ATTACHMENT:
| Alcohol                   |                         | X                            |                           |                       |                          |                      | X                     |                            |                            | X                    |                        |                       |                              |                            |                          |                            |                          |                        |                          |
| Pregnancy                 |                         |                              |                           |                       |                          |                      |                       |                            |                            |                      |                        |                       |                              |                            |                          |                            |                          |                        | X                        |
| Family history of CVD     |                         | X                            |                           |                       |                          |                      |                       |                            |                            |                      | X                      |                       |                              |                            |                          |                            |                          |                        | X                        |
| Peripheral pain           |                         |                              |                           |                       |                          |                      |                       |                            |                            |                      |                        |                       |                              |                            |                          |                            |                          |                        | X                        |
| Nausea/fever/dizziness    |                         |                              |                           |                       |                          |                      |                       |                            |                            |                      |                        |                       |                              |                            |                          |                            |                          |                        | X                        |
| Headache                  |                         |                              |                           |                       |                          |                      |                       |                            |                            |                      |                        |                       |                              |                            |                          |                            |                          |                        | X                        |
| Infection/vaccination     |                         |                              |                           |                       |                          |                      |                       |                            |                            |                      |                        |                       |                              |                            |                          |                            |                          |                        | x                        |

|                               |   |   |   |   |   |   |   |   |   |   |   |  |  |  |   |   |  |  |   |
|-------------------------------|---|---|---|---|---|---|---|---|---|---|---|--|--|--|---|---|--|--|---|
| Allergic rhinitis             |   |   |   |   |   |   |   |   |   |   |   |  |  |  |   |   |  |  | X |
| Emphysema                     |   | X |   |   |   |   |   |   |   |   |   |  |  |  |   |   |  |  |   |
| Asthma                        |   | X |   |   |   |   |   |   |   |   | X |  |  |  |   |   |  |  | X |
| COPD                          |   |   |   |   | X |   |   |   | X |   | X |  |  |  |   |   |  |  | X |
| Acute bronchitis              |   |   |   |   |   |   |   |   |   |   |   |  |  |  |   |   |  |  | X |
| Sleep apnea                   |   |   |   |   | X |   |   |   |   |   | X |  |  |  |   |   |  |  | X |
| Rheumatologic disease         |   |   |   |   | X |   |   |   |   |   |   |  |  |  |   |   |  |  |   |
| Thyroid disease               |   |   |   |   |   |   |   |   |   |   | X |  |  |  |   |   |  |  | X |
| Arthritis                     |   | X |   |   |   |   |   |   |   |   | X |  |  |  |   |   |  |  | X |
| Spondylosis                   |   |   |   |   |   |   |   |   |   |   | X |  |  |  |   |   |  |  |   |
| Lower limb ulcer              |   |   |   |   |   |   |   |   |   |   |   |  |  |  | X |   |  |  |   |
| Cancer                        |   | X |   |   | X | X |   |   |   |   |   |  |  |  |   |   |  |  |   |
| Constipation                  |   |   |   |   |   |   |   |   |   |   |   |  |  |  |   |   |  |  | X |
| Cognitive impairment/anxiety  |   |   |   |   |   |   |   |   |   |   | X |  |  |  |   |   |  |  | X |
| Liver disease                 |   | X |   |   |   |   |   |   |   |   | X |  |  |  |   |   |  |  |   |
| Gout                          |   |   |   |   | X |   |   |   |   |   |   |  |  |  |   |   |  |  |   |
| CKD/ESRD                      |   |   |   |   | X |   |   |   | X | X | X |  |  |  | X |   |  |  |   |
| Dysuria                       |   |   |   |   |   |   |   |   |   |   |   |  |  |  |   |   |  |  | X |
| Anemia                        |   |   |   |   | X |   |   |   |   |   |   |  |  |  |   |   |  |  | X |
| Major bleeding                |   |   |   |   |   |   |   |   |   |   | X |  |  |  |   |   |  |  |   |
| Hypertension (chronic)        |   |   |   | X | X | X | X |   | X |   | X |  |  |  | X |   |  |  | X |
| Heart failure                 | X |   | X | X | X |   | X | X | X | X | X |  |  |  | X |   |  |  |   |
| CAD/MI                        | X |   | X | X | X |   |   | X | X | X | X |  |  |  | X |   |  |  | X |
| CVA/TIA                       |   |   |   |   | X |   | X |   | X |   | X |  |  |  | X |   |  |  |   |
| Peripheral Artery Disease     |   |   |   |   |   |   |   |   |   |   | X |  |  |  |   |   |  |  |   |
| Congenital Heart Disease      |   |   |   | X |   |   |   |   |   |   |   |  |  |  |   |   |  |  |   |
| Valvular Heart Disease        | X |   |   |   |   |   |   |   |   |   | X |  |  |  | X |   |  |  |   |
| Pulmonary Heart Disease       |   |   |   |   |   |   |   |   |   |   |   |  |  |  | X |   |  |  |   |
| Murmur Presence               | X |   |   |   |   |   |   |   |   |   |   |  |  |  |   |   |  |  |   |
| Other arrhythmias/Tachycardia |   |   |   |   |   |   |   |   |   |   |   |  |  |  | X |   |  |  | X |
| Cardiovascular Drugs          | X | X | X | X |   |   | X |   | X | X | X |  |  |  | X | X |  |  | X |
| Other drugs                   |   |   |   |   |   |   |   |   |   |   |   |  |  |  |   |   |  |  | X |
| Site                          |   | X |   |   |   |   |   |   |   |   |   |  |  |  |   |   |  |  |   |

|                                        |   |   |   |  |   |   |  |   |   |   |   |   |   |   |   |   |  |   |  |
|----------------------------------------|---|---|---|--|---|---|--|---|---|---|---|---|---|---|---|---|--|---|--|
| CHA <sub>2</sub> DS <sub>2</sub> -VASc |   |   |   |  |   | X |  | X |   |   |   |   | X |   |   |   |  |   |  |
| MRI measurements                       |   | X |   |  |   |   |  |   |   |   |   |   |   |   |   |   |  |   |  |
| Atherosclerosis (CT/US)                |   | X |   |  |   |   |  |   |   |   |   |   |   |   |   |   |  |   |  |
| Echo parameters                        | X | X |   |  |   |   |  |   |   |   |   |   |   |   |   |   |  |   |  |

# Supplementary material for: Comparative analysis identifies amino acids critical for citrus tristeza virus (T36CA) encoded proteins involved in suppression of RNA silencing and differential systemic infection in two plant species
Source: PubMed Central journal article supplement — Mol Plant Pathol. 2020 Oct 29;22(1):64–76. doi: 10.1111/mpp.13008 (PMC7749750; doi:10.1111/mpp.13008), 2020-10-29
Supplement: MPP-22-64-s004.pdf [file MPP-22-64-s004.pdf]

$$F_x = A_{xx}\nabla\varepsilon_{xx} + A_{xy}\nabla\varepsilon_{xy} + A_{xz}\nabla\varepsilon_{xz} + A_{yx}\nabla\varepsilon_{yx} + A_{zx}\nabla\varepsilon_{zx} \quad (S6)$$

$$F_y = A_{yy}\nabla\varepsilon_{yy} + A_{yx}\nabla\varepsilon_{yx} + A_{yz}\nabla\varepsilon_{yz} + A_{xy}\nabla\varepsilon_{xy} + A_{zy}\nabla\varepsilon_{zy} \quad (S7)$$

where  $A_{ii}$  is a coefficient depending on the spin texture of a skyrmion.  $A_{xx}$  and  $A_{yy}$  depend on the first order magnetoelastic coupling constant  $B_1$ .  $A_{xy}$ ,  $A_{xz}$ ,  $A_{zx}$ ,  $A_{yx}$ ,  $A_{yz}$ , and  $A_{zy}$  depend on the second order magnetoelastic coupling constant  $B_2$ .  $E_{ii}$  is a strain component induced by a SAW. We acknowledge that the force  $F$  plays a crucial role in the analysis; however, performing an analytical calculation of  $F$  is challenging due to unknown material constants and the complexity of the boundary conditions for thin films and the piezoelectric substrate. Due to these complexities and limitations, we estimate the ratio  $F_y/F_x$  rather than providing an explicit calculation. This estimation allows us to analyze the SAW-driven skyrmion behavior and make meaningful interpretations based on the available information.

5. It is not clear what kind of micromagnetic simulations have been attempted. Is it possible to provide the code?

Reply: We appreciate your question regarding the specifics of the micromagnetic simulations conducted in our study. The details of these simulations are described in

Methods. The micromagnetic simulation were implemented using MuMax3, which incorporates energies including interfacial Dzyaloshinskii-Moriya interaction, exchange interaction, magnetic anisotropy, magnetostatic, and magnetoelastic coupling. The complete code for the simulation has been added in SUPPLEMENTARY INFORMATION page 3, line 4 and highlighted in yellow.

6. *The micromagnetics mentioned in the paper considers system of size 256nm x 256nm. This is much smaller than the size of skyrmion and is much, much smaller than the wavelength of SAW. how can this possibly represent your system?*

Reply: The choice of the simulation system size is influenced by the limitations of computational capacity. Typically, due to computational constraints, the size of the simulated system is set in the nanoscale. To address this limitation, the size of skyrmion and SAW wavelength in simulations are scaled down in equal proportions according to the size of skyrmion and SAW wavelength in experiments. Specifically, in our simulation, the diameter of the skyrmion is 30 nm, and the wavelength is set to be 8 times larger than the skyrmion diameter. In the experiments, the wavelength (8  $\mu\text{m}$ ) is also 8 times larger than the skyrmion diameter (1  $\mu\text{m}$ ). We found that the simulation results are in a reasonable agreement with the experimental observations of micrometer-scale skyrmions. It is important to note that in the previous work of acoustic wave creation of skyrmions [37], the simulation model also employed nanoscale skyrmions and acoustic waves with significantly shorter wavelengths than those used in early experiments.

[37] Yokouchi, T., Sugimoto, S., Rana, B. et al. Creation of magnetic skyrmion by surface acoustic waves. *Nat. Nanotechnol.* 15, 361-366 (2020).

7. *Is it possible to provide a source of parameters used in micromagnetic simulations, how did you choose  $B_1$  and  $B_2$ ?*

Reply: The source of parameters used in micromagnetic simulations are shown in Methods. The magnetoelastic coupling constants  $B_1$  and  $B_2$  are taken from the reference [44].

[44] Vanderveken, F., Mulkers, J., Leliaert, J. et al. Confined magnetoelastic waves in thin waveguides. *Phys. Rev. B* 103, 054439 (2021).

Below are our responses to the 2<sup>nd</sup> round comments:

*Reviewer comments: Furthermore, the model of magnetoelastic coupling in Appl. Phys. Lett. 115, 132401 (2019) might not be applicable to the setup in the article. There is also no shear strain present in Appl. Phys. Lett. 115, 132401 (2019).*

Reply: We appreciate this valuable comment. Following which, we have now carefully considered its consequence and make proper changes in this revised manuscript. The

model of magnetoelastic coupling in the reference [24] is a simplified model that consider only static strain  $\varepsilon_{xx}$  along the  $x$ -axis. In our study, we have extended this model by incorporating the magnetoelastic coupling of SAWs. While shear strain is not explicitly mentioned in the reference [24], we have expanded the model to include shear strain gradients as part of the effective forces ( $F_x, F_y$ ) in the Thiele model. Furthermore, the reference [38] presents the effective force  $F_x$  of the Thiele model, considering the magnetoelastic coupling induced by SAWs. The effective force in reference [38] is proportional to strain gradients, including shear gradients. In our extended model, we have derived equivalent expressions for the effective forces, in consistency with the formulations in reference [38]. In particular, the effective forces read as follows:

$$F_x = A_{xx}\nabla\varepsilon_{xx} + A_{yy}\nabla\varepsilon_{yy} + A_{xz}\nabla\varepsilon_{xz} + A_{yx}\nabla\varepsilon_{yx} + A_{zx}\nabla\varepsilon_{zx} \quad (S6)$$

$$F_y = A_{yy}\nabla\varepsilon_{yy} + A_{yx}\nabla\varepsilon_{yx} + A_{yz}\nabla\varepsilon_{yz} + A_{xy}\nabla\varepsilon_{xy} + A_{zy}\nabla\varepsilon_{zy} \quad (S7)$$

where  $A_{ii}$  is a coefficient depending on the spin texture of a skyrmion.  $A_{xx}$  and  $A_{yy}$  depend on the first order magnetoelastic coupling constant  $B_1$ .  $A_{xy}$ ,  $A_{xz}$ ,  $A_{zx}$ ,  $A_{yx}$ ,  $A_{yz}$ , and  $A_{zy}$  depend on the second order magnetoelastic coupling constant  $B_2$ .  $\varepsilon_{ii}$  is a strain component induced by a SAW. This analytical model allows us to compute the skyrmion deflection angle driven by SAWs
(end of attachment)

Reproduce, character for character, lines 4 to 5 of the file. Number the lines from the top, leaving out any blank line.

| Peripheral pain           |                         |                              |                           |                       |                          |                      |                       |                            |                            |                      |                        |                       |                              |                            |                          |                            |                          |                        | X                        |
| Nausea/fever/dizziness    |                         |                              |                           |                       |                          |                      |                       |                            |                            |                      |                        |                       |                              |                            |                          |                            |                          |                        | X                        |